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80% of parents admit they don't properly dispose of prescription opioids

Education about risks to children, providing convenient means for getting rid of excess pills can help, researchers say.

By
Brian P. Dunleavy
A study suggests parents might be putting their children at risk by not properly disposing of prescription painkillers. File photo by jorono/Pixabay
A study suggests parents might be putting their children at risk by not properly disposing of prescription painkillers. File photo by jorono/Pixabay

Dec. 23 (UPI) -- Even with all the scary headlines about the ongoing opioid crisis in the United States, many parents still are careless with their prescription painkillers by making them easily accessible for their children, a new study suggests.

In an article published Monday in the journal Pediatrics, the authors noted that among parents who received no education from providers on proper disposal of leftover pills, only 19 percent said they promptly got rid of unused prescription pain medication after they no longer needed it.

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Notably, nearly 12 percent of responding parents also acknowledged misusing the drugs.

"The high rate of parental misuse was a surprise -- and that this and past retention behaviors were so predictive of intention to keep the drug around," co-author Terri Voepel-Lewis, associate professor of nursing at the University of Michigan, said in a statement.

RELATED Nearly 50K U.S. deaths per year linked to opioid use

Abuse and misuse of opioid painkillers has reached epidemic levels across the country in recent years. The drugs, which are highly addictive, have been linked with nearly 50,000 deaths in the United States annually, and teens and children are just as likely to experience an opioid overdose as adults.

Although prescribing rates for opioid pain killers have dropped as awareness of the risks associated with their use has grown, parents risk endangering the health -- and lives -- of their children by not properly disposing of the drugs. The only way to completely avoid this risk is to get rid of unwanted medication as soon as possible, Voepel-Lewis noted.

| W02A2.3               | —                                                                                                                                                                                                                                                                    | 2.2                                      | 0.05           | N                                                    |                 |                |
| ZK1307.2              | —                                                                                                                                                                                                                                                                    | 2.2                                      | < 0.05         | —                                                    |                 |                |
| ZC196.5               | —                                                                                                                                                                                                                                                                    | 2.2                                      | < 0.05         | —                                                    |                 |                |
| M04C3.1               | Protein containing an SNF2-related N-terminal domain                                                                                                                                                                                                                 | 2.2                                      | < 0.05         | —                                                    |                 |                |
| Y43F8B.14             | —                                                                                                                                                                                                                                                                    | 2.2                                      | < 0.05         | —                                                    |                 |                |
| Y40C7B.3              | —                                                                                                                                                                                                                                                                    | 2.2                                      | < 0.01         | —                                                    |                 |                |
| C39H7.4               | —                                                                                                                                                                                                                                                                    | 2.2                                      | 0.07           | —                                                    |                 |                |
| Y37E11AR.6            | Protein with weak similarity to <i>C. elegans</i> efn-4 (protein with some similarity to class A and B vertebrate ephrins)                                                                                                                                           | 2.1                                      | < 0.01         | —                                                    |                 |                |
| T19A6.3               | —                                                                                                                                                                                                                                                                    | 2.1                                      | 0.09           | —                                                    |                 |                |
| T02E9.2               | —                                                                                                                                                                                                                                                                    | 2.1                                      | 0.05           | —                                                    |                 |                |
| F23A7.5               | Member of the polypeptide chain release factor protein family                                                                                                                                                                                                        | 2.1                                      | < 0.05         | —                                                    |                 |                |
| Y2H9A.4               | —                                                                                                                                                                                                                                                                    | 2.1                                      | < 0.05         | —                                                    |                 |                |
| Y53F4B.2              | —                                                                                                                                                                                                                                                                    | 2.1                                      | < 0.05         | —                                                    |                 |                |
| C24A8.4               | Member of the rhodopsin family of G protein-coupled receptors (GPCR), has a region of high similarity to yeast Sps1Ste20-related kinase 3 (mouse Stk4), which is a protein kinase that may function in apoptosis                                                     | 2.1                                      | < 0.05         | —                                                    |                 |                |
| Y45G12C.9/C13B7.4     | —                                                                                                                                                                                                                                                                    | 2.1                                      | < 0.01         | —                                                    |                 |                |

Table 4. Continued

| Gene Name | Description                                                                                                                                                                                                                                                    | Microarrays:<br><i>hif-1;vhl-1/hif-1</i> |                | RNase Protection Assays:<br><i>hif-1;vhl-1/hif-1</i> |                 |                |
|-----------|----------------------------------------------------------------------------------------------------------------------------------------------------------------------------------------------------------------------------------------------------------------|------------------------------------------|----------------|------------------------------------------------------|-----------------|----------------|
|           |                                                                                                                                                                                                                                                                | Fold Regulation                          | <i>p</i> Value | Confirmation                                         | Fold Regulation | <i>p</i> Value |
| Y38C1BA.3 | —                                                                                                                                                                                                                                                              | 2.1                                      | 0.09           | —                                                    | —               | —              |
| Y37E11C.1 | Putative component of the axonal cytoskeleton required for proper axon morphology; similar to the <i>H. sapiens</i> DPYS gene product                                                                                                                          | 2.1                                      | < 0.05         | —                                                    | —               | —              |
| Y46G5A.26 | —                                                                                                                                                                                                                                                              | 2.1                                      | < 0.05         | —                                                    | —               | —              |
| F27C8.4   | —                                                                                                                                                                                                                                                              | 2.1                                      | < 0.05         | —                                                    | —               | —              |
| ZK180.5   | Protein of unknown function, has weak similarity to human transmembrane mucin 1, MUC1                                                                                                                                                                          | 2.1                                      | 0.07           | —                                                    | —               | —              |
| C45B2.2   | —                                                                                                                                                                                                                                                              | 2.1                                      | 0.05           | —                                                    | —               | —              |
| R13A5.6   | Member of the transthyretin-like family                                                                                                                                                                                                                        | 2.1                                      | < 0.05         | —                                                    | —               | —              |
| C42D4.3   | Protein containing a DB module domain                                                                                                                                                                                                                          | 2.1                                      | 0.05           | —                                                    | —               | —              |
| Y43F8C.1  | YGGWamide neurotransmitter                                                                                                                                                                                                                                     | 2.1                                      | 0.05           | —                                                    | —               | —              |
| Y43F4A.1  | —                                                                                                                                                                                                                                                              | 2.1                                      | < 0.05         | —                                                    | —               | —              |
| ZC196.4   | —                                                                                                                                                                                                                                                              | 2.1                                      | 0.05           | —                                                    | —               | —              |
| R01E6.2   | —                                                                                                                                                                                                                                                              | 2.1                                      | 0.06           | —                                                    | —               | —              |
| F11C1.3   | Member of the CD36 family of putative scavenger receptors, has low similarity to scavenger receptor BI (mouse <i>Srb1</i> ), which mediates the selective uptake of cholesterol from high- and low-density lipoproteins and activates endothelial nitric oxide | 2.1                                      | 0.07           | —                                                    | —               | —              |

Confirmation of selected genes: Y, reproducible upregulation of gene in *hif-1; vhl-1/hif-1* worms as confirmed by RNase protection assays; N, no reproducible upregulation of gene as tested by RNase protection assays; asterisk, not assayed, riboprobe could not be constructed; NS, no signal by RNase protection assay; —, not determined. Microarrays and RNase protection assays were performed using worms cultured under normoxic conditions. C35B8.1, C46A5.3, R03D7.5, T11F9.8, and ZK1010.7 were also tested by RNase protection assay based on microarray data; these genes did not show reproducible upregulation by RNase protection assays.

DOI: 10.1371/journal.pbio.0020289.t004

Voepel-Lewis and her colleagues interviewed 517 parents of children between 7 and 17 years old who were prescribed a short course of opioids. The parents, all of whom lived in Michigan, were placed in one of three groups.

RELATED Opioid-addicted babies cost U.S. health system $500M annually

Some received a take-home pill disposal packet, some received the packet and an interactive web-based program asking them to make opioid dosing decisions for their children in different real-life scenarios and some received neither intervention.

In all, 93 percent of the study participants had leftover medication once their symptoms subsided. Although the majority of those who received neither education nor a disposal packet failed to get rid of unused pills, nearly 40 percent of those who were given the packet and had access to the web-based education program did so -- an indication, the authors noted, that convenient disposal paired with tailored risk education can effectively encourage proper handling of these dangerous drugs.

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In addition, just 40 percent of the parents who accessed the web-based education program said they planned to keep leftover opioids.

"Many hospitals are now beginning to give disposal packets, mostly marketed and costly ones, with opioids," Voepel-Lewis said. "They are not doing this with other risky drugs and the risk ... information is lacking."

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